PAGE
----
"This will be wonderful if the president picks Tom," said Rob Gleason, the former chair of the Pennsylvania Republican Party, who helped guide Marino on his ascent to Congress.
According to Gleason, the Trump administration is considering re-elevating the drug czar position back to a cabinet-level post. As recently as February, Trump weighed eliminating the Office of National Drug Control Policy, which Marino is now in line to direct.
"The really good thing is that it's not an afterthought," Gleason said. "This could be a momentous step in the War on Drugs."
Val DiGiorgio, a Chester County attorney and current chair of the Republican Party of Pennsylvania, described Marino as "a simple country lawyer" who worked hard to rise to national prominence.
"He's definitely not a hardliner. He's more pragmatic," DiGiorgio said. "But he's definitely a conservative."
The opioid epidemic, DiGiorgio said, "is such a problem in Pennsylvania, and as a former prosecutor, Tom understands and is more plugged-in than most."
Others take a darker view of the three-term congressman and his agenda.
Adam Bates, an analyst with the libertarian Cato Institute, said Marino makes no distinctions in how he views people with substance abuse issues, whether they be occasional marijuana users or heroin users struggling to stay alive.
"He just says that people should be committed to a hospital/prison. This involuntary commitment of everyone who is a recreational drug user is bizarre and not workable," Bates said. "The cost would be exorbitant and the effect on liberty would be terrifying. "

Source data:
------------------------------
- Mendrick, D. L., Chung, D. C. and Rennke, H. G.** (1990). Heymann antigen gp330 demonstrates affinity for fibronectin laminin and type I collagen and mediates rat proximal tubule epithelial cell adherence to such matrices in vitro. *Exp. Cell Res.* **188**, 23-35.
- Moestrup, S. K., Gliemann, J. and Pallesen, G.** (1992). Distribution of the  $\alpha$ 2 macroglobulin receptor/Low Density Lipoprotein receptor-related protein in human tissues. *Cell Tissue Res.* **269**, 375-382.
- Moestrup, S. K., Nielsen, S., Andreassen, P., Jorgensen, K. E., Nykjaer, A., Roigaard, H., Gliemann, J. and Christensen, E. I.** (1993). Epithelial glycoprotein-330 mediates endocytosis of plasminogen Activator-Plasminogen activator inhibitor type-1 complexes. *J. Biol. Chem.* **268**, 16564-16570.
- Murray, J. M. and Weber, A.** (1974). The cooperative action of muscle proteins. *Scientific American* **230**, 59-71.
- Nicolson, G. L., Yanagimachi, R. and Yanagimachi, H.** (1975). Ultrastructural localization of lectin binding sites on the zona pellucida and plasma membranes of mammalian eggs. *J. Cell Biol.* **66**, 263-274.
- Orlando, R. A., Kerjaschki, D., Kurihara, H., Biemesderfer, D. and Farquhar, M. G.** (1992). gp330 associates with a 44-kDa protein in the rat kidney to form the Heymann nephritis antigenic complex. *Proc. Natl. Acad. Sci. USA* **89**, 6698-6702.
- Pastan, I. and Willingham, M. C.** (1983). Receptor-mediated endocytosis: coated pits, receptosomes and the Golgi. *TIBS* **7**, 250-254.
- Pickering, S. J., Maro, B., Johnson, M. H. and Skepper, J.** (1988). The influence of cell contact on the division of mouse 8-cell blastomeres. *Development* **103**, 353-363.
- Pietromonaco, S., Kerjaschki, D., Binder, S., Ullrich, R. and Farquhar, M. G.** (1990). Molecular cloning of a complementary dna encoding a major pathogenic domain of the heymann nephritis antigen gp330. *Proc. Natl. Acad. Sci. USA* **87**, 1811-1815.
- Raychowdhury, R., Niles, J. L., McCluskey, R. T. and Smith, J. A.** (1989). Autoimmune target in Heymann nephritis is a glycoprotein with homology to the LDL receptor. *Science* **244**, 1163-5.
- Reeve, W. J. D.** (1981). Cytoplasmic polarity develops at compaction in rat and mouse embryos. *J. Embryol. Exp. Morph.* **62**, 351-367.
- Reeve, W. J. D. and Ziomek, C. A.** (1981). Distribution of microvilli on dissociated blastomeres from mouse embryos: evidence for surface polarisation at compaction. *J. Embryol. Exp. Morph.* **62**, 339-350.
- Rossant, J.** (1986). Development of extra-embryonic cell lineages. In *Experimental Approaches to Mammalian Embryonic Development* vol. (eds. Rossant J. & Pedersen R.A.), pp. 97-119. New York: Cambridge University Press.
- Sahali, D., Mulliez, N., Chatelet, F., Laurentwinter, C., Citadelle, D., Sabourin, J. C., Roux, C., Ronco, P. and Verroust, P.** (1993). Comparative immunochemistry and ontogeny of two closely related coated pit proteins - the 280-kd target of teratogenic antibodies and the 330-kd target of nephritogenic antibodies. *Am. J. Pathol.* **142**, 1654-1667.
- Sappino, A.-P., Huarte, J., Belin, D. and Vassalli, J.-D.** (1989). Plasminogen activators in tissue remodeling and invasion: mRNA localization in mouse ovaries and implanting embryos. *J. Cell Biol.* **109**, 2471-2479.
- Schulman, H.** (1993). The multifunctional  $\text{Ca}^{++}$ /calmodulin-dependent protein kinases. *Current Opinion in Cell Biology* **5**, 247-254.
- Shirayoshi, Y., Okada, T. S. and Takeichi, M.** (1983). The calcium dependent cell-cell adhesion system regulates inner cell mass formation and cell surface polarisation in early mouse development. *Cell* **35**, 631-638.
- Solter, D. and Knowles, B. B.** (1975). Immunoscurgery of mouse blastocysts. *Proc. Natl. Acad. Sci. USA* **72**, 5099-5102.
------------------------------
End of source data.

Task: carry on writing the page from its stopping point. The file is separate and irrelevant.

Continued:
Chris Goldstein, a marijuana legalization advocate and cannabis columnist for Philly.com, said treatment facilities are overtaxed and few beds are available for those who need them most.
"We're already at capacity," Goldstein said. "We'll have to build scores of treatment prisons just to deal with that new population."
Roland Lamb, deputy commissioner of Philadelphia's Department of Behavioral Health and Intellectual disABility Services, said he was "generally disappointed" that the Trump administration had chosen to focus on drugs as a criminal-justice matter. Attorney General Jeff Sessions has committed to what many consider a failed war on drugs and Trump recently appointed Gov. Christie, also a former federal prosecutor, to lead the commission to combat opioid abuse.
"It's not as simple as just saying no," Lamb said. "The solutions require action that is much deeper than that."
Lamb said hundreds of thousands of Americans become dependent on opioids each year after receiving a legitimate prescription for opioid painkillers. "They were saying yes to pain management and ended up addicted," Lamb said.
As a congressman, Marino tussled over drug policy with Obama appointees. He was once accused by a top Drug Enforcement Administration official of "supporting criminals" by putting the interests of pharmaceutical companies ahead of controlling the opioid epidemic.
Marino co-sponsored a prescription drug bill that the head of the DEA's diversion program later said was a "gift to the industry." The DEA's Joseph Rannazzisi claimed the legislation — which passed unanimously in 2016 and was signed into law by President Barack Obama — prevented the agency from cracking down on companies that broke the law by not reporting suspicious orders of dangerous drugs.
Marino shot back, accusing Rannazzisi of intimidation and "serious misconduct."
After he was forced to retire in 2015, Rannazzisi told the Guardian that pharmaceutical lobbyists had too much power, and that "Congress would rather listen to people who had a profit motive rather than a public health and safety motive."